CrackBerry caught up with BBM's senior director of business development, David Proulx, at Mobile World Congress to talk about the week's announcement surrounding BlackBerry. In addition to touching on the Nokia preload announcement made at MWC, Proulx mentioned that the growth in Channels usership following the Android and iOS release was impressive — 100% in the case of the official Olympics and Coke channels.
"We actually have seen, case in point, Olympics or Coke. When we launched BBM channels on iOS and Android we saw doubling of subscriber bases for a lot of the sort of channels that I think are broadly interesting, or from broad development."
Beyond Channels, we breezed over the BBM 2.0 for iOS and Android that also introduced voice, quick sharing, and friend-finding. There was Gingerbread support added for Android. He then mentioned the Nokia X and Windows Phone announcement, and this is where Proulx provided a bit more clarity on what's going on. "Those Nokia announcements are significant because they're not just present on the platform. They're pre-load and co-marketing agreements."
A pre-load is a big deal, and signals BlackBerry's continued willingness to collaborate with partners, even if they're ostensibly competitors. One of the bigger complaints from iOS and Android users is that the user interface doesn't match the platform standard, and as Windows Phone users are especially particular about their UI, Proulx admitted that "We're going to start to implement more of those native controls and design elements to make it feel more at home on the platform."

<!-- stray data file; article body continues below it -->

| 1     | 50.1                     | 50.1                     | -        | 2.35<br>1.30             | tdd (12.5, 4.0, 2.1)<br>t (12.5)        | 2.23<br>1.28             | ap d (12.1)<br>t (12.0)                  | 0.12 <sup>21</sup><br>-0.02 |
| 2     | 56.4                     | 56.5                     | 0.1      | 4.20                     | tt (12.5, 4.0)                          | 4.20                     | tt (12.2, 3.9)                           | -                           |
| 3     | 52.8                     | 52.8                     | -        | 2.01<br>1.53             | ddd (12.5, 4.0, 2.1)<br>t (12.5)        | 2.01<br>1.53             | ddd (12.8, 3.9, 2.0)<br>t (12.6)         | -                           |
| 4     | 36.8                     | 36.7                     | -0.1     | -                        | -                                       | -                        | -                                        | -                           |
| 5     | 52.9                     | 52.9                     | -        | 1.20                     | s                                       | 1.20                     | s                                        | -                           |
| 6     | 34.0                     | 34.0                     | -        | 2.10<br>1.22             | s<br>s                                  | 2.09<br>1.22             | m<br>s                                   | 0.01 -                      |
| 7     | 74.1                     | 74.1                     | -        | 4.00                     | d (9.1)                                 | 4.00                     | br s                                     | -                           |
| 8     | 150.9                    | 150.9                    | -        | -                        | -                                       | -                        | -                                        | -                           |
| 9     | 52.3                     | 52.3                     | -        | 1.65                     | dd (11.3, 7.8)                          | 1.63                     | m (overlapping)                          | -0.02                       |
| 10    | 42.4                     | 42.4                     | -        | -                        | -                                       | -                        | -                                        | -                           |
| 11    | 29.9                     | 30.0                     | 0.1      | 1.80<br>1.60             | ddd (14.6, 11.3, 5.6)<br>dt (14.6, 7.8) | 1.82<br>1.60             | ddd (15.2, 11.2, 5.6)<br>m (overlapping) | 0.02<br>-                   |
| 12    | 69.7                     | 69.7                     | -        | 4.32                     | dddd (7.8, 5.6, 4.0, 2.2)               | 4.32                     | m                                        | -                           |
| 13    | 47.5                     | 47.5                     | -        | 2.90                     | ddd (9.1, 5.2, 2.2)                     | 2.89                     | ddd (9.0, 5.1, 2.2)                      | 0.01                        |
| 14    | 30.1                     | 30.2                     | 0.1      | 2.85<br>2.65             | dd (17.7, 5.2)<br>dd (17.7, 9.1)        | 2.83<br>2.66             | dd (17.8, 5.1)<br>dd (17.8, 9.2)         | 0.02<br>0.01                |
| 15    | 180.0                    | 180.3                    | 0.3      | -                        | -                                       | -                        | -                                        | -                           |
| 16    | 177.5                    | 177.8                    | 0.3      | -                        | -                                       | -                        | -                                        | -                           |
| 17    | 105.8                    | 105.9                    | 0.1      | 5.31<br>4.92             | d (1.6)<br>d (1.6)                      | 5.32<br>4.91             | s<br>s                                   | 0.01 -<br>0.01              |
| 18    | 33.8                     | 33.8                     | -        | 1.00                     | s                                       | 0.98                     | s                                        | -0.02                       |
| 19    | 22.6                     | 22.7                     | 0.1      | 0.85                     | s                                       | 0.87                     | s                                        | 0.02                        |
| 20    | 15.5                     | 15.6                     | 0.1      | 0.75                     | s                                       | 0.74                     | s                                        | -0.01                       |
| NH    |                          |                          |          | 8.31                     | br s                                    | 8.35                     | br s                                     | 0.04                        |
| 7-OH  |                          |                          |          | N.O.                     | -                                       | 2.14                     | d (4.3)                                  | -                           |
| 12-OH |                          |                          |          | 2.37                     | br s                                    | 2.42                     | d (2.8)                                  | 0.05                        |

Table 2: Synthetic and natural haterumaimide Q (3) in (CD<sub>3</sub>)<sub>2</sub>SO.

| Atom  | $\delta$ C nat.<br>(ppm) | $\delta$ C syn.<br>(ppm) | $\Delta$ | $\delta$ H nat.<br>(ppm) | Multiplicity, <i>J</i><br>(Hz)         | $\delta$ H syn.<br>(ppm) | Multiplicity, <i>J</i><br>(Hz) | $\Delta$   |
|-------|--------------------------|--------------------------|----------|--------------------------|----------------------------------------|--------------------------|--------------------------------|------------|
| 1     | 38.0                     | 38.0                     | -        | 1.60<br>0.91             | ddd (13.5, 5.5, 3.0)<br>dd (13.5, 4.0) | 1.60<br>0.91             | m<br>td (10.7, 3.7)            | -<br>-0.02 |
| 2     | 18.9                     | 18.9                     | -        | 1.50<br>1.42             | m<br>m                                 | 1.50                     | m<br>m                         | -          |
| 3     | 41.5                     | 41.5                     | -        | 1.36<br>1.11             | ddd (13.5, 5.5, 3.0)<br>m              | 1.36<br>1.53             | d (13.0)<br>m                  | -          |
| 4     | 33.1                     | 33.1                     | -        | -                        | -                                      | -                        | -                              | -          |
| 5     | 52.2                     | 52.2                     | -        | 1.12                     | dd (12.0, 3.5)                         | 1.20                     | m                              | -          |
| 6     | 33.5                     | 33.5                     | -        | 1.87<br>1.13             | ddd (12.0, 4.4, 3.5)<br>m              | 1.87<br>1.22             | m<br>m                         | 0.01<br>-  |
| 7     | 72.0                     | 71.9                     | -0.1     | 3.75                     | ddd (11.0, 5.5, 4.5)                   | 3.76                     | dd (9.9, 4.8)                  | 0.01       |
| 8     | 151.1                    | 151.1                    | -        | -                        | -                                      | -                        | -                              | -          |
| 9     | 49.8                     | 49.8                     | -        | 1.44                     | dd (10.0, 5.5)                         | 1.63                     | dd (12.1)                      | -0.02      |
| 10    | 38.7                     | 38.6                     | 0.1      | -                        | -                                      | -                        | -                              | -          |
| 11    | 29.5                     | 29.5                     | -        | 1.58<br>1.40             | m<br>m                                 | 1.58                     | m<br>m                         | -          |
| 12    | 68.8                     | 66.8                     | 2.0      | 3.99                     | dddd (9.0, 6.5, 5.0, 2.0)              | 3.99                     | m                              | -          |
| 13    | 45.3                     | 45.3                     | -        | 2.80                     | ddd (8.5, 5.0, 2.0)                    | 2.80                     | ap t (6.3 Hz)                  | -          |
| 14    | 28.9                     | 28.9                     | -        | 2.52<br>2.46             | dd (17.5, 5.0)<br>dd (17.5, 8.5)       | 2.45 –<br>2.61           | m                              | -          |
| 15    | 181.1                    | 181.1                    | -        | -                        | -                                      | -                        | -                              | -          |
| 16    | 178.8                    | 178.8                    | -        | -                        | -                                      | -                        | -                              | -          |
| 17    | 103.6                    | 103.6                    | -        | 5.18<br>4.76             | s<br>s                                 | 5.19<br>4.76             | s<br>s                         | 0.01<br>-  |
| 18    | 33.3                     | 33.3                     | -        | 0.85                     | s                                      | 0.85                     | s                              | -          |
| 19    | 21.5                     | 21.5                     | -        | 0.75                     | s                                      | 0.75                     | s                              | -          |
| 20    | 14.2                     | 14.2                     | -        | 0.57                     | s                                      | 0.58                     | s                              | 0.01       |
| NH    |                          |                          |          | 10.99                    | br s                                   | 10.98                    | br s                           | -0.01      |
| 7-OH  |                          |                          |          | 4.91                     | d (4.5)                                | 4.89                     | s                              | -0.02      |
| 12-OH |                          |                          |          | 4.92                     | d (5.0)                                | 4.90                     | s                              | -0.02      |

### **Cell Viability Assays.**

The week's news also involved WhatsApp, which was acquired by Facebook for a cool $16 billion. We're all aware of WhatsApp's humble beginnings as a BBM clone that happened to be cross-platform. BlackBerry's CEO John Chen openly admitted that he would sell BBM for that amount, and Proulx was equally congratulatory. "They obviously got an unprecedented exit. The sheer value of that transaction is remarkable." Proulx also said this bodes well for the sector BBM is participating in; there's money to be made here, equally demonstrated by Rakuten's acquisition of Viber, but the revenue stream here is still squarely in the realm of "potential".
"It's going to create some interesting opportunities in the market for the rest of us, inasmuch as there need to be counter-moves from everybody who's not Facebook and WhatsApp, whether you're a telco, whether you're another big consumer Internet player, whether you're one of the standalone mobile messaging platforms, in order to differentiate and stand apart."
Proulx went on to say that the things BBM is going to be doing to make money are going to be different than what WhatsApp will need to do in order to justify Facebook's massive purchase. BBM has been experimenting in enterprise with a custom-built messaging solution and on the consumer side with stickers. On stickers in particular, Proulx was excited because virtual goods are becoming a "core part of the communication experience".
Those are the broad strokes of our chat with Proulx on Channels and BBM. Is there anything you guys are still wondering about the Nokia partnership? How well are Channels doing, from what you've seen?
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